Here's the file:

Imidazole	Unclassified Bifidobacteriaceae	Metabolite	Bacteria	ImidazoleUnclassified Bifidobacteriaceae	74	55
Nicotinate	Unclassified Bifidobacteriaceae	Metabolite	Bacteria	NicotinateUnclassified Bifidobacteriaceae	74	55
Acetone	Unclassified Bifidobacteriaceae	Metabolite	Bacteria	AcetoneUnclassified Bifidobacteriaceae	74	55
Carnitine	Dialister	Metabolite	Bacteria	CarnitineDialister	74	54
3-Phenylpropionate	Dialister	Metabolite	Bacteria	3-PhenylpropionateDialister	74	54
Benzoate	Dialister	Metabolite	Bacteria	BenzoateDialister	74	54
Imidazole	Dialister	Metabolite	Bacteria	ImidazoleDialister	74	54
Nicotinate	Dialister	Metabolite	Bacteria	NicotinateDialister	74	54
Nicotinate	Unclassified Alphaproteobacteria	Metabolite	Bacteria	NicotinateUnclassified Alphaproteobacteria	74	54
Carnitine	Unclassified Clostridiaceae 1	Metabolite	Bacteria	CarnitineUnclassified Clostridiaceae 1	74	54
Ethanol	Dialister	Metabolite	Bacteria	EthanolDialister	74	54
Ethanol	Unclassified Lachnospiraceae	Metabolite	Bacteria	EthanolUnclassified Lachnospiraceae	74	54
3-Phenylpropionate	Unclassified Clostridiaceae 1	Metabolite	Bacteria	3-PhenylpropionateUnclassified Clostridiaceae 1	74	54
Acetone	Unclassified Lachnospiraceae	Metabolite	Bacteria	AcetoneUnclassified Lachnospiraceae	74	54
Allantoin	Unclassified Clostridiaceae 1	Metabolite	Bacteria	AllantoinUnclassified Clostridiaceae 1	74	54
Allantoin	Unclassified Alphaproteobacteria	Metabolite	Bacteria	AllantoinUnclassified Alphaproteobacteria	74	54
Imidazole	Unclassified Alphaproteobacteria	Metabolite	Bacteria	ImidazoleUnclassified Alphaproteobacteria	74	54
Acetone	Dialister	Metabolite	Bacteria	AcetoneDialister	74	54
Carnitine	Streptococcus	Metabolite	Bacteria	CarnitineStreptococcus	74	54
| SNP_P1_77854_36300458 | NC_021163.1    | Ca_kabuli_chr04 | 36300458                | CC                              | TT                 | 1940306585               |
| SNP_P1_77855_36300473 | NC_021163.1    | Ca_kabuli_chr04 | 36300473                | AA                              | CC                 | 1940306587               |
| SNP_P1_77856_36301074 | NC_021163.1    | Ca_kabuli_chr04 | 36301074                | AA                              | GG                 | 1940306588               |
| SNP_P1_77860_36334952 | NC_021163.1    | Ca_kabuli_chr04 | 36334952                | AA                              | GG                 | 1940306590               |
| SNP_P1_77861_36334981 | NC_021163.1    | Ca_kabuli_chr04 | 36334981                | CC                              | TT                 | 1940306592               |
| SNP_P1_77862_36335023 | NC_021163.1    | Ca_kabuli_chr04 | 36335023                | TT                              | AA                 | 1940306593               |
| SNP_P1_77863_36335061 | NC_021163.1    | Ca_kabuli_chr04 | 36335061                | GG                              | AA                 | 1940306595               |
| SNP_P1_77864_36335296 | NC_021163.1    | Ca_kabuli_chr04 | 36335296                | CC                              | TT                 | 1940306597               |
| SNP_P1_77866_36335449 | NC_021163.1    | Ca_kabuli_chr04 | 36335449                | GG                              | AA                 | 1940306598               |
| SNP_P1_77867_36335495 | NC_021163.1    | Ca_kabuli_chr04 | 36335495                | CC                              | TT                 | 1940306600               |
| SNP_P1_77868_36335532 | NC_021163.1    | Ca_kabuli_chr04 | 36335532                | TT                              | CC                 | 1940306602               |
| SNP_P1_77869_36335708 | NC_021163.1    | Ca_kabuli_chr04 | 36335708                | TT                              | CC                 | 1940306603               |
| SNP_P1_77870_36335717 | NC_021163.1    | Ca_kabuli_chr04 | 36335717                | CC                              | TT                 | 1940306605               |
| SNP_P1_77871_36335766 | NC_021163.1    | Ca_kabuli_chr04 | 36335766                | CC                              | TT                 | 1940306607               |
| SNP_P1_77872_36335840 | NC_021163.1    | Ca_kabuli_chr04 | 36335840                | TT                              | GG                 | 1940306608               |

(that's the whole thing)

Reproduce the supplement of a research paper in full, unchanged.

Imidazole	Unclassified Bifidobacteriaceae	Metabolite	Bacteria	ImidazoleUnclassified Bifidobacteriaceae	74	55
Nicotinate	Unclassified Bifidobacteriaceae	Metabolite	Bacteria	NicotinateUnclassified Bifidobacteriaceae	74	55
Acetone	Unclassified Bifidobacteriaceae	Metabolite	Bacteria	AcetoneUnclassified Bifidobacteriaceae	74	55
Carnitine	Dialister	Metabolite	Bacteria	CarnitineDialister	74	54
3-Phenylpropionate	Dialister	Metabolite	Bacteria	3-PhenylpropionateDialister	74	54
Benzoate	Dialister	Metabolite	Bacteria	BenzoateDialister	74	54
Imidazole	Dialister	Metabolite	Bacteria	ImidazoleDialister	74	54
Nicotinate	Dialister	Metabolite	Bacteria	NicotinateDialister	74	54
Nicotinate	Unclassified Alphaproteobacteria	Metabolite	Bacteria	NicotinateUnclassified Alphaproteobacteria	74	54
Carnitine	Unclassified Clostridiaceae 1	Metabolite	Bacteria	CarnitineUnclassified Clostridiaceae 1	74	54
Ethanol	Dialister	Metabolite	Bacteria	EthanolDialister	74	54
Ethanol	Unclassified Lachnospiraceae	Metabolite	Bacteria	EthanolUnclassified Lachnospiraceae	74	54
3-Phenylpropionate	Unclassified Clostridiaceae 1	Metabolite	Bacteria	3-PhenylpropionateUnclassified Clostridiaceae 1	74	54
Acetone	Unclassified Lachnospiraceae	Metabolite	Bacteria	AcetoneUnclassified Lachnospiraceae	74	54
Allantoin	Unclassified Clostridiaceae 1	Metabolite	Bacteria	AllantoinUnclassified Clostridiaceae 1	74	54
Allantoin	Unclassified Alphaproteobacteria	Metabolite	Bacteria	AllantoinUnclassified Alphaproteobacteria	74	54
Imidazole	Unclassified Alphaproteobacteria	Metabolite	Bacteria	ImidazoleUnclassified Alphaproteobacteria	74	54
Acetone	Dialister	Metabolite	Bacteria	AcetoneDialister	74	54
Carnitine	Streptococcus	Metabolite	Bacteria	CarnitineStreptococcus	74	54
| SNP_P1_77854_36300458 | NC_021163.1    | Ca_kabuli_chr04 | 36300458                | CC                              | TT                 | 1940306585               |
| SNP_P1_77855_36300473 | NC_021163.1    | Ca_kabuli_chr04 | 36300473                | AA                              | CC                 | 1940306587               |
| SNP_P1_77856_36301074 | NC_021163.1    | Ca_kabuli_chr04 | 36301074                | AA                              | GG                 | 1940306588               |
| SNP_P1_77860_36334952 | NC_021163.1    | Ca_kabuli_chr04 | 36334952                | AA                              | GG                 | 1940306590               |
| SNP_P1_77861_36334981 | NC_021163.1    | Ca_kabuli_chr04 | 36334981                | CC                              | TT                 | 1940306592               |
| SNP_P1_77862_36335023 | NC_021163.1    | Ca_kabuli_chr04 | 36335023                | TT                              | AA                 | 1940306593               |
| SNP_P1_77863_36335061 | NC_021163.1    | Ca_kabuli_chr04 | 36335061                | GG                              | AA                 | 1940306595               |
| SNP_P1_77864_36335296 | NC_021163.1    | Ca_kabuli_chr04 | 36335296                | CC                              | TT                 | 1940306597               |
| SNP_P1_77866_36335449 | NC_021163.1    | Ca_kabuli_chr04 | 36335449                | GG                              | AA                 | 1940306598               |
| SNP_P1_77867_36335495 | NC_021163.1    | Ca_kabuli_chr04 | 36335495                | CC                              | TT                 | 1940306600               |
| SNP_P1_77868_36335532 | NC_021163.1    | Ca_kabuli_chr04 | 36335532                | TT                              | CC                 | 1940306602               |
| SNP_P1_77869_36335708 | NC_021163.1    | Ca_kabuli_chr04 | 36335708                | TT                              | CC                 | 1940306603               |
| SNP_P1_77870_36335717 | NC_021163.1    | Ca_kabuli_chr04 | 36335717                | CC                              | TT                 | 1940306605               |
| SNP_P1_77871_36335766 | NC_021163.1    | Ca_kabuli_chr04 | 36335766                | CC                              | TT                 | 1940306607               |
| SNP_P1_77872_36335840 | NC_021163.1    | Ca_kabuli_chr04 | 36335840                | TT                              | GG                 | 1940306608               |